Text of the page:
II. Jurisdiction

 We reject Customs' contention that no statutory provision authorizes our jurisdiction over Mantilla's claim.   We have previously held that a claimant's “collateral[ ] attack [of] an inadequately noticed administrative forfeiture” presents a proper federal question, thereby conferring jurisdiction under 28 U.S.C. § 1331.  Foehl v. United States, 238 F.3d 474, 478 (3d Cir.2001) (citation omitted);  United States v. McGlory, 202 F.3d 664, 670 (3d Cir.2000) (en banc).   Such challenges usually arise where the Government attempted, but failed to take all measures necessary under due process, to give notice of forfeiture.  Foehl, 238 F.3d at 478-80;  McGlory, 202 F.3d at 671-74.   We agree with Mantilla that his claim is a natural extension of these decisions.   Indeed, this case involves the most inadequate notice possible:  Customs failed to initiate forfeiture proceedings altogether, and thus never attempted to give notice of the funds' status.4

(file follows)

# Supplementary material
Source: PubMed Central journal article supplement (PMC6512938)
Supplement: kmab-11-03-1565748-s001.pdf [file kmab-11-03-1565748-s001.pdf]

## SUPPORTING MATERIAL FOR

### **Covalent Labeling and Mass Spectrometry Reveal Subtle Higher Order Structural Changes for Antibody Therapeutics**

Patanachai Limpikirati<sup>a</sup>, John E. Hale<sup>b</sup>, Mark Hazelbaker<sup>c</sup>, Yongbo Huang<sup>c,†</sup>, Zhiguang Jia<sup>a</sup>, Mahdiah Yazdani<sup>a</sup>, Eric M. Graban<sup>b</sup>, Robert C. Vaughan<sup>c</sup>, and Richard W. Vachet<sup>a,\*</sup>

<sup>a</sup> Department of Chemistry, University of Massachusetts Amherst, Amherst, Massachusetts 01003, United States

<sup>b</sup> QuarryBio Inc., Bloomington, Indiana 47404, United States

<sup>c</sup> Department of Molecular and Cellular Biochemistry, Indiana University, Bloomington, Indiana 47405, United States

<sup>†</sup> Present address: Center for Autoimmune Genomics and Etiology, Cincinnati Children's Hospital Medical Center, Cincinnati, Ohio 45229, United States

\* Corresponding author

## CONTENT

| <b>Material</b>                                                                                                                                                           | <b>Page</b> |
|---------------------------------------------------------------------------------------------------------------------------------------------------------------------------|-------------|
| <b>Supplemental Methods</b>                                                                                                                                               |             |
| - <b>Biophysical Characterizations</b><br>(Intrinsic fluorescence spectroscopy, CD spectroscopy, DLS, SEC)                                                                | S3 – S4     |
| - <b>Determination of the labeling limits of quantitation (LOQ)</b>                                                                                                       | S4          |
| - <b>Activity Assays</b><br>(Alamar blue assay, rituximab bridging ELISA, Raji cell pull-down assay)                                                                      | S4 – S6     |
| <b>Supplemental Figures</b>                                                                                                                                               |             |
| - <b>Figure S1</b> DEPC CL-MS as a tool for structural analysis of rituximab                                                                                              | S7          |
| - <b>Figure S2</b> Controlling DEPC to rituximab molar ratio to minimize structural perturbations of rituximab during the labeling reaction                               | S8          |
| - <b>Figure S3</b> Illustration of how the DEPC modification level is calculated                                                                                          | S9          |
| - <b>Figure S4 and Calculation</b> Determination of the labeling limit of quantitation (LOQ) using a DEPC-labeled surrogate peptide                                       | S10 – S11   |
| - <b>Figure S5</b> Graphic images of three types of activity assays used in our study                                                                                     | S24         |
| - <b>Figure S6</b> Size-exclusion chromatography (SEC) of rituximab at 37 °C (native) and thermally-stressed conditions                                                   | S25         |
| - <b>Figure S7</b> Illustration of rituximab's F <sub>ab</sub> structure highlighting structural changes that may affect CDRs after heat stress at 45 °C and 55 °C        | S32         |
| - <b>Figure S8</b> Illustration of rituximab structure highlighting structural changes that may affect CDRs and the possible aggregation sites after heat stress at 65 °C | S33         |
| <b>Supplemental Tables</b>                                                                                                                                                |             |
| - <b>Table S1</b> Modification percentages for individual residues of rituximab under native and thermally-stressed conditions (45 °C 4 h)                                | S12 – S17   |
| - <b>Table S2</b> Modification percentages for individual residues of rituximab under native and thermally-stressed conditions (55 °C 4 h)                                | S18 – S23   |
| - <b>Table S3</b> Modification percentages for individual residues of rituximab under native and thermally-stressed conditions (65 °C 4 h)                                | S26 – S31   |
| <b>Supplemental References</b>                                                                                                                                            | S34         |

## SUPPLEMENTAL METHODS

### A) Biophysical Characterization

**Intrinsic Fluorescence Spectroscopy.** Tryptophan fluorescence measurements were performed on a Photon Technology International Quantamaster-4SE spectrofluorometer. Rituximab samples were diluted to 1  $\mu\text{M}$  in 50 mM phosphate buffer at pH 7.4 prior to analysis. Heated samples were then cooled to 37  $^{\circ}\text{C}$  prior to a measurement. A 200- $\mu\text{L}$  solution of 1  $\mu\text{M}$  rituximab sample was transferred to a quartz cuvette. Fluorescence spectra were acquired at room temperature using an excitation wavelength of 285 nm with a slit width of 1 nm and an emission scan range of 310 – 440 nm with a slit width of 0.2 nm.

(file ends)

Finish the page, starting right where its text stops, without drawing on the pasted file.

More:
III. Standing

 We turn next to Mantilla's standing, an issue that we must address even though the District Court did not reach it.  FW/PBS, Inc. v. City of Dallas, 493 U.S. 215, 230-31, 110 S.Ct. 596, 107 L.Ed.2d 603 (1990).   To prove standing, Mantilla must show that he has a colorable ownership or possessory interest in the funds.  United States v. Contents of Accounts Nos. 3034504504 and 144-07143, 971 F.2d 974, 985 (3d Cir.1992).   Because Customs obtained the two amounts-$900,000 and $95,500-under distinct circumstances, Mantilla must establish his standing as to each.   See Kadonsky v. United States, 216 F.3d 499, 508 (5th Cir.2000).